Beaver hats and other fashion trends of the Scots


DSCN0776

Our version of the tartan

Leon and I do like to dress up for an occasion.  For our Robbie Burns dinner at the Army Officers’ Mess, we thought it would be appropriate for Leon to get a great kilt, even though he is Danish, not Scottish.  He found just the thing, a black sports kilt, complete with black knee socks and a black leather sporran.  Unfortunately, the order didn’t arrive on time, so I was left to find just the right accessories for our outfits.  I had planned to wear a plaid skirt but couldn’t get used to the silhouette of the long, a-line wool plaid skirt I bought at the second hand shop.  I decided to wear my designer black dress from the Australian Red Cross OpShop in Tasmania (seems fitting on the eve of Aussie Day) along with a wrap of my making.  The wrap is actually a 2 metre piece of cotton with tassel fringe I sewed in.  Total cost of this outfit, not counting my lovely Artillery pin, about $18.00.  I completed the look with dark tights and tall black dress boots.  I was comfortable and stylish.  As for Leon, he wore his charcoal pinstripe with a red shirt and this lovely tie I purchased for him.  He even wore snazzy grey striped socks for a bit of added flair (a big departure from the standard black socks he usually orders from the military.)  Very debonair!

So, what does one do at a Robbie Burns dinner?  It was my first time attending such an affair.  We had a drink in the front rooms of the beautiful old building that houses the Army Officers’ Mess.  The fireplaces were lit, the crystal and silver were shining and the piper piped us in to the dining room.  Our friends Dan and Fran were quite regal in their traditional garb, he wearing Harris tweed with his family tartan, she in the long kilt, velvet vest and tartan scarf of her husband’s clan.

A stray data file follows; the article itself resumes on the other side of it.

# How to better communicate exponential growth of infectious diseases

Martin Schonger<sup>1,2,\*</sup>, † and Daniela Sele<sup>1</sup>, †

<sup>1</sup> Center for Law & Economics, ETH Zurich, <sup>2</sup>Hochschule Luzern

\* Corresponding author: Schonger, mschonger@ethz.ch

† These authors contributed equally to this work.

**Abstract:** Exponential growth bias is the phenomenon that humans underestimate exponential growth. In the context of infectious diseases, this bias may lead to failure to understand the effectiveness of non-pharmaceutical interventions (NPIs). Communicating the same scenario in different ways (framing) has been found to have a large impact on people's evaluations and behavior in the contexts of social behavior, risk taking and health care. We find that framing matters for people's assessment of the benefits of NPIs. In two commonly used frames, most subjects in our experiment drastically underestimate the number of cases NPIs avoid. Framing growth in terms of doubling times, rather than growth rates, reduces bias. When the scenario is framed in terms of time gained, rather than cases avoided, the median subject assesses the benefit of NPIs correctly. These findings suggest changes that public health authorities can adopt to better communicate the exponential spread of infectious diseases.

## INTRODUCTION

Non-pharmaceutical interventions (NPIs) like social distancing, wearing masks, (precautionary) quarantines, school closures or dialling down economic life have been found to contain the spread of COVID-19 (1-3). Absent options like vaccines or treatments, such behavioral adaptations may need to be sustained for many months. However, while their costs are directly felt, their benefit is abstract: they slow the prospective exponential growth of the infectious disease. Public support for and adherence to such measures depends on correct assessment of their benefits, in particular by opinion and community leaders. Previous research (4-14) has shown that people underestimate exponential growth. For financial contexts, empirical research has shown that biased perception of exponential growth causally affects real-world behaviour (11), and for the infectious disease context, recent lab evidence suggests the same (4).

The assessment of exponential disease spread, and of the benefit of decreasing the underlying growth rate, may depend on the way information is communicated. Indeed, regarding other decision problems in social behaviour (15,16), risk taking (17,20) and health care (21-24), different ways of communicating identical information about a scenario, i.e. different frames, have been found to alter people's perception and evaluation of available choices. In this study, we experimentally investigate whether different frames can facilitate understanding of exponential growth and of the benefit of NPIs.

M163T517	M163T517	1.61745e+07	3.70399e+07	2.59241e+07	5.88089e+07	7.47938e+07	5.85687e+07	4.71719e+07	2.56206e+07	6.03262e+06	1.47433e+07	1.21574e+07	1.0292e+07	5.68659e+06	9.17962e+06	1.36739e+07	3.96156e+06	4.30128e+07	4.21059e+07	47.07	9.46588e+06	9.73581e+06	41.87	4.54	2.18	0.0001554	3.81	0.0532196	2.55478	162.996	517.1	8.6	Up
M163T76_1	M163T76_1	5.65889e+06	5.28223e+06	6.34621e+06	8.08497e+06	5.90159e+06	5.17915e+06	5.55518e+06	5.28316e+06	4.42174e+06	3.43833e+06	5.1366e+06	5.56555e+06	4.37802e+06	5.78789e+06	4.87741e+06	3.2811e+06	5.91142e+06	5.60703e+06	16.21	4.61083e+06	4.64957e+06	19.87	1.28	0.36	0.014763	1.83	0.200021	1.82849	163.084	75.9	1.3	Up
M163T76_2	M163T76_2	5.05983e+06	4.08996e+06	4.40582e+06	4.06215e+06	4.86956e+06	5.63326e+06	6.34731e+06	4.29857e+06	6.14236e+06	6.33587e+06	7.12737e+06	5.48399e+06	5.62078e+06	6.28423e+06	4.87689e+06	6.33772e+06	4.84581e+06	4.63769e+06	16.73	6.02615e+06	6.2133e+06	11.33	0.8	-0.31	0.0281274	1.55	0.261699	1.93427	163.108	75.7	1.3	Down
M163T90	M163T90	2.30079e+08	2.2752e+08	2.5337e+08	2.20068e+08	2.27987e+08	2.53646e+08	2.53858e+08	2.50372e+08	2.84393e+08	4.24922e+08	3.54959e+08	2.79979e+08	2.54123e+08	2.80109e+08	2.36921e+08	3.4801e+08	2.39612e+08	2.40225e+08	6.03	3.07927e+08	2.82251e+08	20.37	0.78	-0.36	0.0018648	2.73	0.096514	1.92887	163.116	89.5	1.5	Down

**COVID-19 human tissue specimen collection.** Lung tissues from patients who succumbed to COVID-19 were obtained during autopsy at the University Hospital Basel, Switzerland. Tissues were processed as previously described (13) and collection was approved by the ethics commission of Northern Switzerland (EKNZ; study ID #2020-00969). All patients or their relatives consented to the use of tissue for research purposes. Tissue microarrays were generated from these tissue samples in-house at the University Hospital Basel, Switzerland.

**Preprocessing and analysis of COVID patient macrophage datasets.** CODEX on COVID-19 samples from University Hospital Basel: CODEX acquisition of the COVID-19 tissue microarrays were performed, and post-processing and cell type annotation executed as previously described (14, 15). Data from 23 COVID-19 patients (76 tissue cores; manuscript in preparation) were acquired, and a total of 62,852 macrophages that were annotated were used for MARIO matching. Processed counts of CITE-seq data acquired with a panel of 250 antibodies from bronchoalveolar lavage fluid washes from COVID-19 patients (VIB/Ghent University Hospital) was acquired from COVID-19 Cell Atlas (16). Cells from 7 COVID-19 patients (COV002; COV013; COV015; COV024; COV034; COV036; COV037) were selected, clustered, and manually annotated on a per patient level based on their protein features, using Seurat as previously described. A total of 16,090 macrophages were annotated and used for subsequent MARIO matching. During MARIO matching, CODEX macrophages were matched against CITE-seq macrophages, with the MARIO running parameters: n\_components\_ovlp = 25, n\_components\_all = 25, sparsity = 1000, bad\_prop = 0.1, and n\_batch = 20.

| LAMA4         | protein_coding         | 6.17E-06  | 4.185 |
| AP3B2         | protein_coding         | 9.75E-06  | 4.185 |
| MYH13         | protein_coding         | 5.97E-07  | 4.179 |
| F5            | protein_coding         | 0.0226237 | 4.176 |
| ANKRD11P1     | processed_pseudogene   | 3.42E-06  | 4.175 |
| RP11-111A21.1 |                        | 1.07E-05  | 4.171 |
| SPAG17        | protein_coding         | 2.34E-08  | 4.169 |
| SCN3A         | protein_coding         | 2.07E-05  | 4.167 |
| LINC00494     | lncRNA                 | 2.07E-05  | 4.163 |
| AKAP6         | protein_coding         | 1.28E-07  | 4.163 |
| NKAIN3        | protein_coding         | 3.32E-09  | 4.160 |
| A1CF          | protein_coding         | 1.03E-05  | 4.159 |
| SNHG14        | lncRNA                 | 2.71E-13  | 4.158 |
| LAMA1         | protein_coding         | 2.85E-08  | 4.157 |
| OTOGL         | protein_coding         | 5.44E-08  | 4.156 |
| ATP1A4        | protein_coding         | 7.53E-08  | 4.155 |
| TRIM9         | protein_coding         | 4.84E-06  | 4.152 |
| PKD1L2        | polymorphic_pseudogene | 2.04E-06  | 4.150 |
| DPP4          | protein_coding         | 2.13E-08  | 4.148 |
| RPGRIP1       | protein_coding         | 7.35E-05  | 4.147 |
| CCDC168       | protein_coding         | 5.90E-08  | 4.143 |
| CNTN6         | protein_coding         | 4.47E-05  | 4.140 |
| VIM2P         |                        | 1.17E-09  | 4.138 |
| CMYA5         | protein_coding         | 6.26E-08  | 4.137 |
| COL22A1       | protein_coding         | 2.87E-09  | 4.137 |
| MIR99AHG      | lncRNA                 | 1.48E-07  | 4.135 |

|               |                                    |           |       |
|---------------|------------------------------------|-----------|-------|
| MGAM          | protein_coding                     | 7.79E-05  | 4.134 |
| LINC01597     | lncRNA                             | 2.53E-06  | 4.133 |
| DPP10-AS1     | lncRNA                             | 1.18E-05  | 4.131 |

haggis

Haggis

Dinner began with the piping in of the Haggis, that Scottish delicacy (oddity?) that most people won’t taste once they find out what it’s made with (kidney, hearts and other assorted offal in a sheep’s stomach).  At any rate, the MC made a big show of addressing the Haggis, a traditional ceremony, before each of us were served a small portion.  I had been staying away from eating meat this month, so I was less than enthusiastic to try this delicacy.  But I did anyway.  It was reminiscent of French Canadian tourtiere, all spicy with clove and pepper, but without the pie crust.  I managed to eat about a tablespoon full.  Of course, the scotch whiskey that was provided for the toasts helped it all go down smoothly. Dinner was Scotch broth, roast beef with tatties and neeps and a dessert that tasted like white chocolate mousse with raspberries.

robbie burns

Robbie Burns

After dinner there were some speeches and toasts to Robbie Burns, the great Scottish poet and scalliwag. One fun activity was for some of us to read a poem that had been provided on our tables.  My place setting had the following poem that I read aloud for everyone’s entertainment:

Johnie Lad, Cock Up Your Beaver

1791
Type: Poem

When first my brave Johnie lad came to this town,
He had a blue bonnet that wanted the crown;
But now he has gotten a hat and a feather,
Hey, brave Johnie lad, cock up your beaver!

Cock up your beaver, and cock it fu’ sprush,
We’ll over the border, and gie them a brush;
There’s somebody there we’ll teach better behaviour,
Hey, brave Johnie lad, cock up your beaver!

If you read it over, you realize it’s no more than a fashion statement.  A good Canadian knows that a beaver is a beaver hat, made from nice imported Canadian beaver skins.  So Johnie was being instructed to care for it properly.  Being a teacher of International Business, I thought this might be just the poem to read to my students when we learn about early trade in North America.  Well…maybe not!

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